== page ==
Overcoming Depression Through Neuroplasticity

The power of neuroplasticity, the ability of the brain to rewire itself as result of new behavior and new thinking, is credited with surprising results in overcoming depression. Neuroplasticity is how the human brain “copes” by physically altering its neural structure in the face of new changes in stimuli, such as the repetitive use of exercises to get out of a depressive episode, or learning a new skill like playing the guitar.

After the surprising cover story in Newsweek (2/8/2010) that anti-depressants are no better than placebos for depression, the medical profession is going to have to go back to the drawing board. They had better pick up neuroplasticity on the way.

The brain continually re-allocates and builds neural “real estate” according to new demands that are placed on it. UCLA School of Medicine research illustrates that cognitive-behavioral therapy alone actually causes chemical changes in the brains of people with OCD.

Recent research in neuroplasticity places new confidence and new hope in the use of cognitive behavioral therapy for treating depression without medication. The use of anti-depressants often turns out to be an emotional and medical revolving door and now they are suspected of being no better than placeboes anyway.

If one drug doesn’t work, says the American Psychiatric Association, try another. If you don’t get relief from changing one drug for another, use a combination. A medical hope and change that isn’t working.

And for a third of the population, no drug works. Too often we read about sufferers, especially teen-agers, who commit suicide even while on their “meds.” Fortunately, physical exercise and cognitive behavioral therapy are now shown to be as effective as anti-depressants.

The use of simple repetitive mind exercises can switch the neural activity from the emotional part of the brain (the subcortex), where depression originates, to the thinking part of the brain (the neocortex) which does not have the capacity for depression. I call this “brainswitching.”

Here’s an example of an exercise. If you wake up depressed, instead of thinking “I’m so depressed,” think some neutral or nonsense thought over and over, repetitively, like “green frog, green frog” or “yes, yes, yes, yes,” or sing a nursery rhyme to yourself like “Row, row, row, your boat.” Scream it in your mind if you have to. Concentrate on the phrase you have chosen. Refuse to think the thought “I am depressed.”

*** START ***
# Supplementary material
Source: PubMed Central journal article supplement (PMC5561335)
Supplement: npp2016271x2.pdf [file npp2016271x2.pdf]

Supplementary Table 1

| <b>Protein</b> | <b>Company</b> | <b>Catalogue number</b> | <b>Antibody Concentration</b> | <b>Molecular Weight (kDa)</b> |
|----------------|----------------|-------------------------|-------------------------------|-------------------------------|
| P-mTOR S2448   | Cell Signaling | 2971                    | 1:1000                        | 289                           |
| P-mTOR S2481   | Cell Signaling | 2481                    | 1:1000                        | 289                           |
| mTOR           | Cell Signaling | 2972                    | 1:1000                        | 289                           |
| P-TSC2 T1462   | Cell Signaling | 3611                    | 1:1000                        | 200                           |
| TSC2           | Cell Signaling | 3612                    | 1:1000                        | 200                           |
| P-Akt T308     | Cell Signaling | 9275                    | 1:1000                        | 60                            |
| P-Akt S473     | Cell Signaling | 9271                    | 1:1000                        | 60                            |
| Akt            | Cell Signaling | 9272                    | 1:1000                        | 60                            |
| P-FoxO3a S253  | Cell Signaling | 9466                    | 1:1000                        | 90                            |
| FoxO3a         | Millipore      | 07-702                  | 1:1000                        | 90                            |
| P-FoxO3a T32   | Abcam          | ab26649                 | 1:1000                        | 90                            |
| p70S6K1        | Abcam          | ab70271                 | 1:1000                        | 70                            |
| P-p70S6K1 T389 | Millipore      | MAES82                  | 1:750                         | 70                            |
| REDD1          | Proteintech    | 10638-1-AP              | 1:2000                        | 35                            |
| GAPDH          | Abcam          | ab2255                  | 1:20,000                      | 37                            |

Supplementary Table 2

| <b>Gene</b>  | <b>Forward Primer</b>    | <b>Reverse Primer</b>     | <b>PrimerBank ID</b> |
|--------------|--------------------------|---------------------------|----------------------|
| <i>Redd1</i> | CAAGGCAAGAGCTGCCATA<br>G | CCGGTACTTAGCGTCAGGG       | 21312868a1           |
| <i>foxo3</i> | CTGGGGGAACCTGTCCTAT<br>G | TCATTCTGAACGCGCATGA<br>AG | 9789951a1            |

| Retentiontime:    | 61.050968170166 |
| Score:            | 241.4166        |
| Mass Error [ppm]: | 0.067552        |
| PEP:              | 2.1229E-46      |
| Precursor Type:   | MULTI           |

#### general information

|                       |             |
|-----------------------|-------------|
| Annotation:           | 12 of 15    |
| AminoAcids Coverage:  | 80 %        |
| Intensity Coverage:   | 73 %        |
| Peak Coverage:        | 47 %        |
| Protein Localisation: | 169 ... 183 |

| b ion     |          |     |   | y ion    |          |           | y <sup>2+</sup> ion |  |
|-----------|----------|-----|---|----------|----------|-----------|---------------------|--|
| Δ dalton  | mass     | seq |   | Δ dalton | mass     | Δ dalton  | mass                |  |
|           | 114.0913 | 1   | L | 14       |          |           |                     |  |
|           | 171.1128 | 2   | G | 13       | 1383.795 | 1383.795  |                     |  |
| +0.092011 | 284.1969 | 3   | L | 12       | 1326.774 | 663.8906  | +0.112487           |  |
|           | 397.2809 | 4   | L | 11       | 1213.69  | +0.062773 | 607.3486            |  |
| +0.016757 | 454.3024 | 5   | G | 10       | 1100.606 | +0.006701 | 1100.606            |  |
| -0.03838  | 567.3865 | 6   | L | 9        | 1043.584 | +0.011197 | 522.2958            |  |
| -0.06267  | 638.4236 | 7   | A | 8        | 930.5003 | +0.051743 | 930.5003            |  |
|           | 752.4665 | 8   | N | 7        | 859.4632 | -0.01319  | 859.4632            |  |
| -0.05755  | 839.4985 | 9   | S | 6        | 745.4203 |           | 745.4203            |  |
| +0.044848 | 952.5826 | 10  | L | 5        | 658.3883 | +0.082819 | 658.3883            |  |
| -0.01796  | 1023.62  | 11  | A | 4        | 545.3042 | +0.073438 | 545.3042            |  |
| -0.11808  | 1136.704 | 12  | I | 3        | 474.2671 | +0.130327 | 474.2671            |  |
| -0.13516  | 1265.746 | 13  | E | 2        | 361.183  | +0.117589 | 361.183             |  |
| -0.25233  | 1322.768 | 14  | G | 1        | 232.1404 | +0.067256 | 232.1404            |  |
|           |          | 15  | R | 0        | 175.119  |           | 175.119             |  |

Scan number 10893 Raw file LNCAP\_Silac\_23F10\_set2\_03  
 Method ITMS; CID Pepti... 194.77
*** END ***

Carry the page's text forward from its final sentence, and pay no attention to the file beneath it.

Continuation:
It won’t take you long to get really good at this, because, through the process of neuroplasticity, you are actually building new get-out-of-depression neural patterns that you can use instead of the old depressive ones.

Concentration upon a neutral or nonsense thought in the neocortex thoughtjams the cognitive awareness of the depression that is going on in the subcortex. Repetitively thinking the neutral thought also raises neural activity in the neocortex, and lowers neural activity in the subcortex, thus helping to correct the chemical imbalance that feeds the depression.

This switch in neural brain activity from the subcortex to the neocortex happens naturally, sooner or later, even in the worst cases of depression. This is the reason depression is cyclical. But brainswitching accomplishes the switch as an act of will and a lot more quickly than waiting for nature to take its course. Depression is like living in a room of pain. With brainswitching you can learn how to leave the room.

Brainswitching works because of what I call the “FRS factor of depression.” The feelings receptor station in the neocortex is where signals from the emotional part of the brain (the subcortex) must travel upwards and be acknowledged in the thinking part of the brain (the neocortex) before a human being is able to feel any pain or emotion.

The FRS factor is why a player can break a bone during a football game and not feel any pain until the game is over. His neocortical concentration on the game has thoughtjammed the acknowledgment in the neocortex that pain is being produced in the subcortes.

By manipulating the pain perception process you can block the message that you are depressed from traveling from one part of the brain to the other. Pain perception is such a tiny event, brain-wise, that it happens beneath our level of awareness. But this small instantaneous process underlies the reason depression is cyclical. Since depression only happens in the subcortex, you can brainswitch from the subcortex to the neocortex anytime depression attacks.

The limitation of the human attention span is the scientific basis for medical hypnosis. The mind can only concentrate on one thought at a time and you can think any thought you want. This is why it is possible to do heart surgery using no anesthetic other than hypnosis. This principle, coupled with the principles of pain perception and neuroplasticity, when accompanied by the simple preventive strategy of exercise and mind tricks, can literally rewire your brain so that you can brainshift out of your depression anytime it attacks.